As for our national anthem, I will always stand for it, even if my friends aren’t performing. The national anthem represents for me what the flag represents for a lot of people I talk to—the fight for freedom. Our national anthem was born when Francis Scott Key watched soldiers fight for the preservation of a new nation where people could live as they want. Although the system wasn’t perfect at that time, I still respect the efforts of these brave men, and how they inspired today’s military to continue to preserve our nation, a nation which attempts to be a land in which everyone can live freely. So, out of respect, I stand.

I respect those who stand for the pledge. It has different meaning to them than it does for me, and they are not hurting anyone or anything, so I let them be. However, some of these people cannot show me the same respect. I will get into argument after argument with people who disagree with my choice to not stand. It is these people who I want to address, even if they do tend to be more like brick walls and less like rational people. I ask: If I am not hurting anyone, why are you so persistent when it comes to shaming me for my views? Why do you feel as if me standing for the pledge is the only way I can show respect to the military? Why is standing at a flag and chanting a pledge considered a form of respect to the military?

I don’t think I’ll ever stand for the pledge, because I don’t see this country making the necessary changes to be a more equal state during my lifetime. I will stand for the anthem, because I do as I please in accordance with my beliefs. All I ask is that I give the same respect I give to everyone.

CAUTION: Senior Year may be Closer than it Appears

CAUTION: Senior Year May be Closer than it Appears

At first it was just an Instagram caption; the kind we all try to perfect with our wit. But, the caption got me thinking, and seriously questioning my future. Of course, not my future as in career and family; more like next year future. I feel that juniors deserve their senior year as more of a relaxing time after the absolute agony they went through with ACT/SAT and just the year in general. Junior year is not fun... well, not always fun. Of course, we all live up the feeling of finally being upperclassmen, the feeling of having more freedom now than we used to have. It was all a built up excitement of being able to rush the floor during pep rallies, of being able to drive to school and all of our after school festivities. During Manual's ring ceremony, though, the thought of my last year of my parents making a curfew for me, the thought of my last everything–last first day, last Red/White Week/Manual vs. Male game, last pep rallies, last year with my best friends, and my last days at Manual High School–had me in tears on my way home.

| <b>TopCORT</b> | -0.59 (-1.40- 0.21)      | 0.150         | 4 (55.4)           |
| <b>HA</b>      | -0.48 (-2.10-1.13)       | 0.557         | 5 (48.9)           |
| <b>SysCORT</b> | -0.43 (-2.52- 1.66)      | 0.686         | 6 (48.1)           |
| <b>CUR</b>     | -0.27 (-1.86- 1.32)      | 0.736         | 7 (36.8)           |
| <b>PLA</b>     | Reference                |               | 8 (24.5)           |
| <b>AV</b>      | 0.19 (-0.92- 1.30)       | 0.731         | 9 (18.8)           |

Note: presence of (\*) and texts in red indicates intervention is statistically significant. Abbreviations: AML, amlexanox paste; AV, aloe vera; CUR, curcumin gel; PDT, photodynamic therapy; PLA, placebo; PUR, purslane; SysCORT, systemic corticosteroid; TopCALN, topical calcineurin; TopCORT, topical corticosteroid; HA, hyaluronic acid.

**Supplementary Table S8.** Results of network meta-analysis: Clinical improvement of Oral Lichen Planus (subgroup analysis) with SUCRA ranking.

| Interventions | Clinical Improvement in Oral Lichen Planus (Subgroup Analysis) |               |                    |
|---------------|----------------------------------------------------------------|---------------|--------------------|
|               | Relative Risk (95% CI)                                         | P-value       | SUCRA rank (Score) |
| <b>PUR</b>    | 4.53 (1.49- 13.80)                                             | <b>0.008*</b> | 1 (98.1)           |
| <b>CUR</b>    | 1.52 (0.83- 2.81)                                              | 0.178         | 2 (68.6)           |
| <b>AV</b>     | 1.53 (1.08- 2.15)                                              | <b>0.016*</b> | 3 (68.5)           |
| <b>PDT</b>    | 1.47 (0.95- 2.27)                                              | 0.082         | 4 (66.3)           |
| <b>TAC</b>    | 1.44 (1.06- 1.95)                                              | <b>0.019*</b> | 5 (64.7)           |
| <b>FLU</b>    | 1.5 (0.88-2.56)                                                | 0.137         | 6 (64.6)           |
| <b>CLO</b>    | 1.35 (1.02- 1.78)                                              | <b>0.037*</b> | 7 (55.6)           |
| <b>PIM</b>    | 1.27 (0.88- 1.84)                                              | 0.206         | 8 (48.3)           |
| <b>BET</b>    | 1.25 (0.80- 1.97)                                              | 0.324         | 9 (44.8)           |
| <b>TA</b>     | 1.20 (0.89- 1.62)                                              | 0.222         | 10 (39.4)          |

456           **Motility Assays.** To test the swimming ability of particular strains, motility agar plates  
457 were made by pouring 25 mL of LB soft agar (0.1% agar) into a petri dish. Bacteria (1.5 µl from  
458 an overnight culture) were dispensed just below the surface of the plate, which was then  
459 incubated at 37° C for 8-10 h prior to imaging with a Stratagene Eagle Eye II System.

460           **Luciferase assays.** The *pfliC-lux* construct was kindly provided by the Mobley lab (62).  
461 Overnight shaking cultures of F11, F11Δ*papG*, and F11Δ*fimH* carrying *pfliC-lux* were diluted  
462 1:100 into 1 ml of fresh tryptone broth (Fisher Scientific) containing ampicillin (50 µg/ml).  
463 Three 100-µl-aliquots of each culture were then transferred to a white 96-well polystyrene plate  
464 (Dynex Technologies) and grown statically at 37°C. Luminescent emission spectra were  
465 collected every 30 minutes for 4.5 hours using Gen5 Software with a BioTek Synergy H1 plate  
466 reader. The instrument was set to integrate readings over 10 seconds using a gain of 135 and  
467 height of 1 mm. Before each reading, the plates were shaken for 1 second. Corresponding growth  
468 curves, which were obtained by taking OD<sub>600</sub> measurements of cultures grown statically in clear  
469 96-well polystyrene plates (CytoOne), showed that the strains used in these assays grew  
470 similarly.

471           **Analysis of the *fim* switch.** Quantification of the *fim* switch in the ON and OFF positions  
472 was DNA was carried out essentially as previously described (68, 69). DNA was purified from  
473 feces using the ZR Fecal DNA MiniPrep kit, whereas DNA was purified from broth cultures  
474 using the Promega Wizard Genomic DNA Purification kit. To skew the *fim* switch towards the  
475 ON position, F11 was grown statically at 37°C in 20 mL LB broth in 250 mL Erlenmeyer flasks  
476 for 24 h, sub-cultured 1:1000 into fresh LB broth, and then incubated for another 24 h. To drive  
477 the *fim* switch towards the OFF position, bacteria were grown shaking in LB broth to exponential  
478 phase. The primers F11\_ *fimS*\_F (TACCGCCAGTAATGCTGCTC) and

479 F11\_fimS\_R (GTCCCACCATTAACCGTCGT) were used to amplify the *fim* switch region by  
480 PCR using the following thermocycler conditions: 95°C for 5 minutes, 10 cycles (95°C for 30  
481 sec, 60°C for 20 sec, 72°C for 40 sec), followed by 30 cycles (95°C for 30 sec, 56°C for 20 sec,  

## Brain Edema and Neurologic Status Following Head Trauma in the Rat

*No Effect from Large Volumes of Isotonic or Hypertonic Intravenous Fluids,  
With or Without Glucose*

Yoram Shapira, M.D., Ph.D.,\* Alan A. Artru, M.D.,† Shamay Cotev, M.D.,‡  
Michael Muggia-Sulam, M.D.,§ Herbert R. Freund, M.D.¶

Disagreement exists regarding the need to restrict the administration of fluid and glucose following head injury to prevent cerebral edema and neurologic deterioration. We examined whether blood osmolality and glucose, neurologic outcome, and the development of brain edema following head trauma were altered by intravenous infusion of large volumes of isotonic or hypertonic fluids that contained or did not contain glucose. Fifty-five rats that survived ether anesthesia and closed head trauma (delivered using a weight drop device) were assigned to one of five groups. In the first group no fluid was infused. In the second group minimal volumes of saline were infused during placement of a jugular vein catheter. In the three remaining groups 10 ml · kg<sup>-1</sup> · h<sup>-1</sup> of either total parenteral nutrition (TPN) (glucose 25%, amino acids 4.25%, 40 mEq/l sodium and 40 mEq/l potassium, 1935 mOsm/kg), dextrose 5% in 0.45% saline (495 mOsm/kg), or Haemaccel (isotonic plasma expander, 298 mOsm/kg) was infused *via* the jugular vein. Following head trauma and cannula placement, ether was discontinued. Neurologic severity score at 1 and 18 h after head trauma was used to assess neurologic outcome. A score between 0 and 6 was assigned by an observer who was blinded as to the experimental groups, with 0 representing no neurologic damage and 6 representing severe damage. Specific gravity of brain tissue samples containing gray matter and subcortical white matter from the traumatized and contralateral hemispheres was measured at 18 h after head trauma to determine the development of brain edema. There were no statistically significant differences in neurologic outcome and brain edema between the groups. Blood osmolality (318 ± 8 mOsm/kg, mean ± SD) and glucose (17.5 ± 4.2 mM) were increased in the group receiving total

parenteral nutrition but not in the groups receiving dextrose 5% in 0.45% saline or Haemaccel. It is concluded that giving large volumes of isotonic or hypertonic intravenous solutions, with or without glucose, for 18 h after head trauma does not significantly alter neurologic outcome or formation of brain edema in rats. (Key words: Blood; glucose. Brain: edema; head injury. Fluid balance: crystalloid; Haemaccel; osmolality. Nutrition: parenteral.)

While we, as incoming seniors, are about to live up the last year of our mandatory education, we also have a lot of pressure on our shoulders within the next nine months. Adults are throwing us one big "Congrats on having to figure your entire future in one school year" party, and we are all breaking out in stress acne. Don't lie, because I am too. And, going to such a rigorous school doesn't help in the slightest. We can't let AP classes and college applications ruin our last year of high school! Yes, colleges still look at how challenging your course load is and how well you're doing, but if you're drowning yourself in ridiculous and unnecessary college classes that you might not even pass anyway and are going to constantly stress over, why? Why not just sit back and smell the roses, enjoy your last year of not having to make your own food and, *GASP* do your own LAUNDRY!? 
 I'm not telling you what to do, I'm just giving you advice on what I would do. I'd probably take one or two AP classes, take manditory courses, and then take classes I will actually enjoy. In 15 years, I want to remember all of the adventures I had senior year, I probably won't remember what my AP Psych teacher told me to read for our Chapter 10 test. Take some time to enjoy your last moments walking around the school that made you into your future self. Stop, smell the roses.